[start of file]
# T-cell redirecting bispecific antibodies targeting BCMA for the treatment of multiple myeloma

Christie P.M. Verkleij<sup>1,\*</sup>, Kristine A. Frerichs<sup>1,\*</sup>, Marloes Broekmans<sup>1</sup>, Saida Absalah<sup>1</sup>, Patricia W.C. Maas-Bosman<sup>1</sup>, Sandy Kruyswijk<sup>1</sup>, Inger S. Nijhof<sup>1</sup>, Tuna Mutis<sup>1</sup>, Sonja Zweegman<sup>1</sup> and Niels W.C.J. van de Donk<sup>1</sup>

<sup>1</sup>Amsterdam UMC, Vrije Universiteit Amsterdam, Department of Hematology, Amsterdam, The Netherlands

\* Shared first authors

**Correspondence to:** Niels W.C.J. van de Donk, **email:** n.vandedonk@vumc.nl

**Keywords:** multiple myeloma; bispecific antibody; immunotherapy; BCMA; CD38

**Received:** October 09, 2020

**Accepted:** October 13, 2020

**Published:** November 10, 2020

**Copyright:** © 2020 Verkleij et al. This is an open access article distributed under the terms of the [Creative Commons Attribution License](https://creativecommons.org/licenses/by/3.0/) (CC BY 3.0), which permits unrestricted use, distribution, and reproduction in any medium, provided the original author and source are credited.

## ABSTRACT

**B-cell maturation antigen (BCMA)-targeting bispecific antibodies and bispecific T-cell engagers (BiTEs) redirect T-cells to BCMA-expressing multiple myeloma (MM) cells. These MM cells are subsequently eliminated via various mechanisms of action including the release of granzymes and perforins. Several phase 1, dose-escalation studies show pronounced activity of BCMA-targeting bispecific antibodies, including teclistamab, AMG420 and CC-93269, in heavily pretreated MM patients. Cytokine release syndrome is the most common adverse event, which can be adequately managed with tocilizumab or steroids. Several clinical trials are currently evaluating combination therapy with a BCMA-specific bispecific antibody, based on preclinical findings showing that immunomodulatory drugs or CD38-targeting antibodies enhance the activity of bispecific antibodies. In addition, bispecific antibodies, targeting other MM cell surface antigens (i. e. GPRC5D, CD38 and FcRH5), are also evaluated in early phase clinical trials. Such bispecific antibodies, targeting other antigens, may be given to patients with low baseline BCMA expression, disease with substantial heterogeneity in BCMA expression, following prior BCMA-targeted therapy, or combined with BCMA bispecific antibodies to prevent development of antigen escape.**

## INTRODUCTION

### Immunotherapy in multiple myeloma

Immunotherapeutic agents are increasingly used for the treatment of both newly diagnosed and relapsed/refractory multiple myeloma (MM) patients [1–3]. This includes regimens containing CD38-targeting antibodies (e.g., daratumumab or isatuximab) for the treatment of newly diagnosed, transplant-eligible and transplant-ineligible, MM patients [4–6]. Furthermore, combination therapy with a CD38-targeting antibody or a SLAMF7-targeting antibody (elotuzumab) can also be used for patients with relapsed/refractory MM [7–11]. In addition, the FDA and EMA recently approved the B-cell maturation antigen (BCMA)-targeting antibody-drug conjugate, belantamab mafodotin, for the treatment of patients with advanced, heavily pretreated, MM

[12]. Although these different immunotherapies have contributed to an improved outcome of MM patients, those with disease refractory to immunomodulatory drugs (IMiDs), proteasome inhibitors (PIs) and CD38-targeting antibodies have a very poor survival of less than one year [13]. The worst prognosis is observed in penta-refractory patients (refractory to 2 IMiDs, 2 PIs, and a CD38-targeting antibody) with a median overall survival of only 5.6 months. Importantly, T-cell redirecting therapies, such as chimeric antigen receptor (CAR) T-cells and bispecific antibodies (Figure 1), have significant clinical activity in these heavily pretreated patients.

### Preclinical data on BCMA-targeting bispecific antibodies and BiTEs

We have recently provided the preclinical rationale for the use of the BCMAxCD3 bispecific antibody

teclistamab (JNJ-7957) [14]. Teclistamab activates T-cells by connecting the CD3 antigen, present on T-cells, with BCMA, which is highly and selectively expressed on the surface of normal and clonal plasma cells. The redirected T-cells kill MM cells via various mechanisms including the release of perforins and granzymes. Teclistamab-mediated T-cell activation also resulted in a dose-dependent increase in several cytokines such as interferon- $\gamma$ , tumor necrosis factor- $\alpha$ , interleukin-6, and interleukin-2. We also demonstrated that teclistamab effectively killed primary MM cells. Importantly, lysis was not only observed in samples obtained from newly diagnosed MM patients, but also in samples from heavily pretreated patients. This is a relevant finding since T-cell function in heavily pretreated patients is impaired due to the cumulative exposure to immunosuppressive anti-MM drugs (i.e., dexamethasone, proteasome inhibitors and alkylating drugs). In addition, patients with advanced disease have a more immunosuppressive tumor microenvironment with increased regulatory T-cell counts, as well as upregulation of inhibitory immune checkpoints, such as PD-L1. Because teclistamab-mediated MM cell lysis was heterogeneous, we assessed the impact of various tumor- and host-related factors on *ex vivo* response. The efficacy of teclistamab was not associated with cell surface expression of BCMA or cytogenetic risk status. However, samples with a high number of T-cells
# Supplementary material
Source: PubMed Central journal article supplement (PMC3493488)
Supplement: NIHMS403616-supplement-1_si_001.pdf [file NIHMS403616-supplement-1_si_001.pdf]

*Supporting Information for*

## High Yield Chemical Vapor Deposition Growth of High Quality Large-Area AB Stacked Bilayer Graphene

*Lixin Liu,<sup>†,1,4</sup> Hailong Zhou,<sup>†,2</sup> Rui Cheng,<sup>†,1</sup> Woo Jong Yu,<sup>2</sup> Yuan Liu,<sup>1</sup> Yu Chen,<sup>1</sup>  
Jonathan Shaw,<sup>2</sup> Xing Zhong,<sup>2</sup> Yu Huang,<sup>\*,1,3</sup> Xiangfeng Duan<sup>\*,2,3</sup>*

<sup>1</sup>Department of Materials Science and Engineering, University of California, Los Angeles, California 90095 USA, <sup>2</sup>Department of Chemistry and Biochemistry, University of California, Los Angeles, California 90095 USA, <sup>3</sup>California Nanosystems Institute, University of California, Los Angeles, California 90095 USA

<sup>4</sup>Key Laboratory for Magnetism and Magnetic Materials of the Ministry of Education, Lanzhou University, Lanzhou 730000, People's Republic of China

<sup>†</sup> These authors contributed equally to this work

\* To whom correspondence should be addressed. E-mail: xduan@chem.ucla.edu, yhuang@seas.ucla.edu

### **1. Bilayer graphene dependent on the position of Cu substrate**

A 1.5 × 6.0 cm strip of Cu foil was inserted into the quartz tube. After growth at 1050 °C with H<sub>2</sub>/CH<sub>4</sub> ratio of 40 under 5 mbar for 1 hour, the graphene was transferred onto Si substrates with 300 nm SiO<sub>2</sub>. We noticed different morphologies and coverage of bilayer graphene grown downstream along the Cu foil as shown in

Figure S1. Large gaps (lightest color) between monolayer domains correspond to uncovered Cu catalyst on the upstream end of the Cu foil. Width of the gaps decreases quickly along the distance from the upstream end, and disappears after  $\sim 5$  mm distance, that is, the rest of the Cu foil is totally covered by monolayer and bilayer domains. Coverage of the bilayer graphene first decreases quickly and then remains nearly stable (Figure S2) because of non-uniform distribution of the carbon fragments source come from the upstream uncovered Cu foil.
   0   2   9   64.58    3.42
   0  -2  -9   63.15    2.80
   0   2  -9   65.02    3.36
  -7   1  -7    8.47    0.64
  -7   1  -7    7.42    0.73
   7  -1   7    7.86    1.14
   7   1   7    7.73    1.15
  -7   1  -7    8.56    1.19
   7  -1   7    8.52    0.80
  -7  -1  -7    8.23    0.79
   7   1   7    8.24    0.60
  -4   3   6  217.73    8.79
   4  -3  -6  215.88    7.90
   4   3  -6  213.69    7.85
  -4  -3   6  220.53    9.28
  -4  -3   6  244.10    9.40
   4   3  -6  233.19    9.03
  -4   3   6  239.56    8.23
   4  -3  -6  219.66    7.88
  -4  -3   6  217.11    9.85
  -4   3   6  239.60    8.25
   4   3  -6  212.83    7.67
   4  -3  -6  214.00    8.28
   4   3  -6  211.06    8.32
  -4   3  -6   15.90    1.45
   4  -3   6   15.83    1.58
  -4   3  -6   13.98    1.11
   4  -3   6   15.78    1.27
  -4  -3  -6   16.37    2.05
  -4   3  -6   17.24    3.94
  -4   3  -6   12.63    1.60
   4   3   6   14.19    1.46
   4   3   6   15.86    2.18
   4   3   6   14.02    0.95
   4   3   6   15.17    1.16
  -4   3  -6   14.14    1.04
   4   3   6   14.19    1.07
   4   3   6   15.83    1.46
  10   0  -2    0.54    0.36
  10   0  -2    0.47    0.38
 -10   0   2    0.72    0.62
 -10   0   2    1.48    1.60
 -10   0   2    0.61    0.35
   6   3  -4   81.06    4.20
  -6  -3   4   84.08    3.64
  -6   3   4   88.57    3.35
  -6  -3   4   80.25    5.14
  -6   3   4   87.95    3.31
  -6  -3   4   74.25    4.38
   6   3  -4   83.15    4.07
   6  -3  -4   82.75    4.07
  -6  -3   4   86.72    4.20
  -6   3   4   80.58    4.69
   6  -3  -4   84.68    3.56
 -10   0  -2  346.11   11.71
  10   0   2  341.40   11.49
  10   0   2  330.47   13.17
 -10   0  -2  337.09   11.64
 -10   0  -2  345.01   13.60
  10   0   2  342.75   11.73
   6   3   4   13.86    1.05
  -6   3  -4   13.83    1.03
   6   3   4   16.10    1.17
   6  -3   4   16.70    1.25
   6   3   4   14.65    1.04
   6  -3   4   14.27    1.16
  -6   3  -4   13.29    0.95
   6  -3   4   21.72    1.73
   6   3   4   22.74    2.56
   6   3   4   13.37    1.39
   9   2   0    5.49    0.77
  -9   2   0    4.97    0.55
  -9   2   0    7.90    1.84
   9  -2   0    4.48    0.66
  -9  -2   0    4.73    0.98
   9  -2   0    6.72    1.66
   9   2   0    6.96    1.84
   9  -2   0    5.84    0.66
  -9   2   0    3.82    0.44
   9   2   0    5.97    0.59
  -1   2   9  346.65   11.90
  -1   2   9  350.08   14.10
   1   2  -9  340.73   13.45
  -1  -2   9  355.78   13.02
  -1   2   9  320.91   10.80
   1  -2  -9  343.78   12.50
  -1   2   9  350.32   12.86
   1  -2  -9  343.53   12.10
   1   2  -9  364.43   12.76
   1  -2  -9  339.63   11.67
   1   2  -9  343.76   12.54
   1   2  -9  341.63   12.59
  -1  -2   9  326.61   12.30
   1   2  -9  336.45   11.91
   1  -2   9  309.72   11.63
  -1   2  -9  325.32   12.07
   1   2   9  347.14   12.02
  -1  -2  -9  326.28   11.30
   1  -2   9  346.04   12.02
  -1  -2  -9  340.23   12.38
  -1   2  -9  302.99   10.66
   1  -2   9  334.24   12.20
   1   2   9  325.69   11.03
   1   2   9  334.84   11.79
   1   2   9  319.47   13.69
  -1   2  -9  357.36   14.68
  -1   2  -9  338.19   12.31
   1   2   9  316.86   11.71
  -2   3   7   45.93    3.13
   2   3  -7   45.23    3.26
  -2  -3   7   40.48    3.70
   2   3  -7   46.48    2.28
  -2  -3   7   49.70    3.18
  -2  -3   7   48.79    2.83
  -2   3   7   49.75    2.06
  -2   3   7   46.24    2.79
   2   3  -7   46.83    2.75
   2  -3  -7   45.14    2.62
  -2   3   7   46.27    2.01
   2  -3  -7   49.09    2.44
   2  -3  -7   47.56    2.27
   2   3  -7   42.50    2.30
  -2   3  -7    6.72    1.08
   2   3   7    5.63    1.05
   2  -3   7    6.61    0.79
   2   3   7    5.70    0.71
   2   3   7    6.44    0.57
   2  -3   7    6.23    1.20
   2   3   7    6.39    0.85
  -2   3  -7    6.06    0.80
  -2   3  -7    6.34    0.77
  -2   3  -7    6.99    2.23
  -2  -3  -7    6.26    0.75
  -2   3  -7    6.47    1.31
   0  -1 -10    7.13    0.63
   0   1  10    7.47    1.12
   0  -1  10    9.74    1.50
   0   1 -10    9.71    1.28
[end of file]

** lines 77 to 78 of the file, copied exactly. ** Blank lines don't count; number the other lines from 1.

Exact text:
   6   3  -4   81.06    4.20
  -6  -3   4   84.08    3.64